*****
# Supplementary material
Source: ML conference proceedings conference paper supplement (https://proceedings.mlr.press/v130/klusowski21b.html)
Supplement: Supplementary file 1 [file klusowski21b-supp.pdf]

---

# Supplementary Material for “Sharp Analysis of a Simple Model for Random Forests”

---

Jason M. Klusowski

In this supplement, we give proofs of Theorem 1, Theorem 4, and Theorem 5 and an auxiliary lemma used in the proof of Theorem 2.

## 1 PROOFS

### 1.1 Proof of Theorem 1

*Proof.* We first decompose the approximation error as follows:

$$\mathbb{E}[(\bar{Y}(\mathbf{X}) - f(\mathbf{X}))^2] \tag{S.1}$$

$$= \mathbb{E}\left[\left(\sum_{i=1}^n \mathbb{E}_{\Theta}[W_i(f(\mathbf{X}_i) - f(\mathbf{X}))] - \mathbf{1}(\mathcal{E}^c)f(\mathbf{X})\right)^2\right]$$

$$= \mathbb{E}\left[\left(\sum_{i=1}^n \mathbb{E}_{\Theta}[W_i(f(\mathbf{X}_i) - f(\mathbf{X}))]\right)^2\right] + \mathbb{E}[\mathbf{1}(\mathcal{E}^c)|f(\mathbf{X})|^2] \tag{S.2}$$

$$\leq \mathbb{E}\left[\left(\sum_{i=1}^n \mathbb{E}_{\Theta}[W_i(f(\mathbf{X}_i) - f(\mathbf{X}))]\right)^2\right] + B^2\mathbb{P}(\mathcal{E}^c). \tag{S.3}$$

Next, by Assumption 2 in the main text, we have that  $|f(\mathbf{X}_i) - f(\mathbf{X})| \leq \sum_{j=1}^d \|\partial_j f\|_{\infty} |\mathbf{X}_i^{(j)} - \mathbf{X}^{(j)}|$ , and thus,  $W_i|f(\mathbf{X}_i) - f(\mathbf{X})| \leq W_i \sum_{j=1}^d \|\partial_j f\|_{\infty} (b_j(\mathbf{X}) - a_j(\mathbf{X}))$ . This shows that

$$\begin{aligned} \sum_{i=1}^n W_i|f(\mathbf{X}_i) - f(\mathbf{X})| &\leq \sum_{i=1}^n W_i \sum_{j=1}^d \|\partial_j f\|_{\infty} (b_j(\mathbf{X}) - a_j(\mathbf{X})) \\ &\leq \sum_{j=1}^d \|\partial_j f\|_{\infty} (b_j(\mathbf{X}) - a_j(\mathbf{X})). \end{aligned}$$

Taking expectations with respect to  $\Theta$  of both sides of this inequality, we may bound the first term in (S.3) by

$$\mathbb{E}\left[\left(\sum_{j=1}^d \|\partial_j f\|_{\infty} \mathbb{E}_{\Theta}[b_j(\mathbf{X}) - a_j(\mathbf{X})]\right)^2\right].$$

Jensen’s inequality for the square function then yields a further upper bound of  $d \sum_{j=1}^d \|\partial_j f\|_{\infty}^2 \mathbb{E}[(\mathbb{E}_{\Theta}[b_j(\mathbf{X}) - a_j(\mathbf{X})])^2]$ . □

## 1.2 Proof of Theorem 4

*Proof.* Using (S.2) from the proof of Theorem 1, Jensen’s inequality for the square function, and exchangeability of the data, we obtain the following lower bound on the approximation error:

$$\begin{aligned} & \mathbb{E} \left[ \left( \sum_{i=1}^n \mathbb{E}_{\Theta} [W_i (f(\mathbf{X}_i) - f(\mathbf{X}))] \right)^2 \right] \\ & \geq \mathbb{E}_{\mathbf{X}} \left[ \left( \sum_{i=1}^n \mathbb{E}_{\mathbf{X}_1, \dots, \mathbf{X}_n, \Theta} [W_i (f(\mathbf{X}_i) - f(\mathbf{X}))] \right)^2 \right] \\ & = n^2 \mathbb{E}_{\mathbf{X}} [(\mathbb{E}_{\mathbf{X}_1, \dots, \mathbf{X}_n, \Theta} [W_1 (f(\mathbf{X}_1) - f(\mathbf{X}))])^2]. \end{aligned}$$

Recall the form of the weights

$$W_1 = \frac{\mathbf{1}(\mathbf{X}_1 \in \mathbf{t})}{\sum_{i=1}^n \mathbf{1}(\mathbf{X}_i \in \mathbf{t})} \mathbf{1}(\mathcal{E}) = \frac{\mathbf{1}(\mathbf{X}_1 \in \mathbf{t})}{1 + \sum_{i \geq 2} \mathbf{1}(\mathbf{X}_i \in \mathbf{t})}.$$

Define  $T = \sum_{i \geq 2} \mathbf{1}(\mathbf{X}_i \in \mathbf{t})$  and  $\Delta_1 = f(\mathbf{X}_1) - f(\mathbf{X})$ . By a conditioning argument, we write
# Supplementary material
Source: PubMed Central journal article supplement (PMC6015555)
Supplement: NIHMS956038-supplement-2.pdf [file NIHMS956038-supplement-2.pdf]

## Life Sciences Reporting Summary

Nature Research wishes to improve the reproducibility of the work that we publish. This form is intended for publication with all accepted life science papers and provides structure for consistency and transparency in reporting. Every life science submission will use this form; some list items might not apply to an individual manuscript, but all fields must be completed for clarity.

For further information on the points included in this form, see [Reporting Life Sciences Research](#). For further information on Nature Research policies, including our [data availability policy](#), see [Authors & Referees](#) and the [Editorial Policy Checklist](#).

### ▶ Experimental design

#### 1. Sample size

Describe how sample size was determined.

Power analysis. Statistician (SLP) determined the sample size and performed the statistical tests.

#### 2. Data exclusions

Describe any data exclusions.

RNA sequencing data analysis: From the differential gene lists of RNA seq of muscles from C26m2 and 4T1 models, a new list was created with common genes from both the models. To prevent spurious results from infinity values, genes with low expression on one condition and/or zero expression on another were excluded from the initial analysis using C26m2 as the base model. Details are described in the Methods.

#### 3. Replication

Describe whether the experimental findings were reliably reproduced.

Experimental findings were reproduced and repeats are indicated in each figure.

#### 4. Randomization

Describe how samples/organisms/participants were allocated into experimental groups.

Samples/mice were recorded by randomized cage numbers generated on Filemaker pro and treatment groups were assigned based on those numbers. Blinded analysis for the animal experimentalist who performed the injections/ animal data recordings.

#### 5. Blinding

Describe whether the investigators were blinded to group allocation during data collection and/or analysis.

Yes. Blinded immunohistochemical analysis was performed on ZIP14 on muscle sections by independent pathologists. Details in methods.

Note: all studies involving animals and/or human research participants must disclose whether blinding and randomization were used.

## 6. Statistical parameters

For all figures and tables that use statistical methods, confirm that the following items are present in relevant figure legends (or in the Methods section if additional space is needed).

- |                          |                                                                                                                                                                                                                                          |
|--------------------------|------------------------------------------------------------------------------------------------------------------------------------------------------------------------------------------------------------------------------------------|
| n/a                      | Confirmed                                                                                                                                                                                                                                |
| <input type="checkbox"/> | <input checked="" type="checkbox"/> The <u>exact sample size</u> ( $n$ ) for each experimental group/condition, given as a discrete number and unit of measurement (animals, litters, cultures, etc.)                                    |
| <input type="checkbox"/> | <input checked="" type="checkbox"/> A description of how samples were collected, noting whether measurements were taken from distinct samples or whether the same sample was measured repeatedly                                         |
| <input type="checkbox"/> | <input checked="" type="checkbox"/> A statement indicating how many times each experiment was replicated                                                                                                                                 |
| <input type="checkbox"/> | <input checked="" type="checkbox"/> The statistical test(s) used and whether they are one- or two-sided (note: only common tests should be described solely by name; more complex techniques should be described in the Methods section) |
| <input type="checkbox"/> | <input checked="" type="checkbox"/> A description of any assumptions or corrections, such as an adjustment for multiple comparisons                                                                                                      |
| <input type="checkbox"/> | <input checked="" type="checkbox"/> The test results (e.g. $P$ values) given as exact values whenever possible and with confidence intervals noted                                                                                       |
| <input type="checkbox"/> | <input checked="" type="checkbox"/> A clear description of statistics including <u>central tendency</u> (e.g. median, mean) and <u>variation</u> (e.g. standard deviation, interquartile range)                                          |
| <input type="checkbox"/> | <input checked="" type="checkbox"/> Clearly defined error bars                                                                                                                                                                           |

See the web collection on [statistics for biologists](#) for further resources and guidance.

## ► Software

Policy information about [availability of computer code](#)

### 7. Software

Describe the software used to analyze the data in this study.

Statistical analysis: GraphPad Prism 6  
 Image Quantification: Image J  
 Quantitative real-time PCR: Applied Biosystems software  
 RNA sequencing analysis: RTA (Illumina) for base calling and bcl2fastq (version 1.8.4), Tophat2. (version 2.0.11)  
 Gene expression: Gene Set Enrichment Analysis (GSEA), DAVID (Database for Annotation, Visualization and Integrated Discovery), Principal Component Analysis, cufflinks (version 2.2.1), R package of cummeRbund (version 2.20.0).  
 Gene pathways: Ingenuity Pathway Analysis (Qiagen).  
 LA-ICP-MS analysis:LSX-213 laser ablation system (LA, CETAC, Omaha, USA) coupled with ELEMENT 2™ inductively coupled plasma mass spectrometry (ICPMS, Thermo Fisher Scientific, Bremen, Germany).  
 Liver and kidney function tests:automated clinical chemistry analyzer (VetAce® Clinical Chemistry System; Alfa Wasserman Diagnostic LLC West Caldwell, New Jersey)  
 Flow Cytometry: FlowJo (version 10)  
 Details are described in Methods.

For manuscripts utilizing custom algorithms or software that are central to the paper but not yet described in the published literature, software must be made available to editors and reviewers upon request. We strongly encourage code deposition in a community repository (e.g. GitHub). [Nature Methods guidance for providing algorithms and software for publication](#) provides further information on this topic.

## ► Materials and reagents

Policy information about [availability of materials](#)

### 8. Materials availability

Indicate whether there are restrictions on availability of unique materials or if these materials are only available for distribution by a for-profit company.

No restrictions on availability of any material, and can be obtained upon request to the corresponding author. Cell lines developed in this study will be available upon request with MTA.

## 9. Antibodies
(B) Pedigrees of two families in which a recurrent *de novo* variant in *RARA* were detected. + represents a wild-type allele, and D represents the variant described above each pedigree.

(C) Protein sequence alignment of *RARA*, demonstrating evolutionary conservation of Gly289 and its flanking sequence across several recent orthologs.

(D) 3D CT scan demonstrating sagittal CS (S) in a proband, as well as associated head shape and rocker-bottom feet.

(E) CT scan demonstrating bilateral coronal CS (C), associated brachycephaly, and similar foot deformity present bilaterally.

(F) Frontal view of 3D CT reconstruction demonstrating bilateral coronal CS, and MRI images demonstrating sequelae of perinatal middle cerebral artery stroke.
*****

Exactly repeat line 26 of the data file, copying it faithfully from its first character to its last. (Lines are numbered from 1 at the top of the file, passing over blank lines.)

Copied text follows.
Define  $T = \sum_{i \geq 2} \mathbf{1}(\mathbf{X}_i \in \mathbf{t})$  and  $\Delta_1 = f(\mathbf{X}_1) - f(\mathbf{X})$ . By a conditioning argument, we write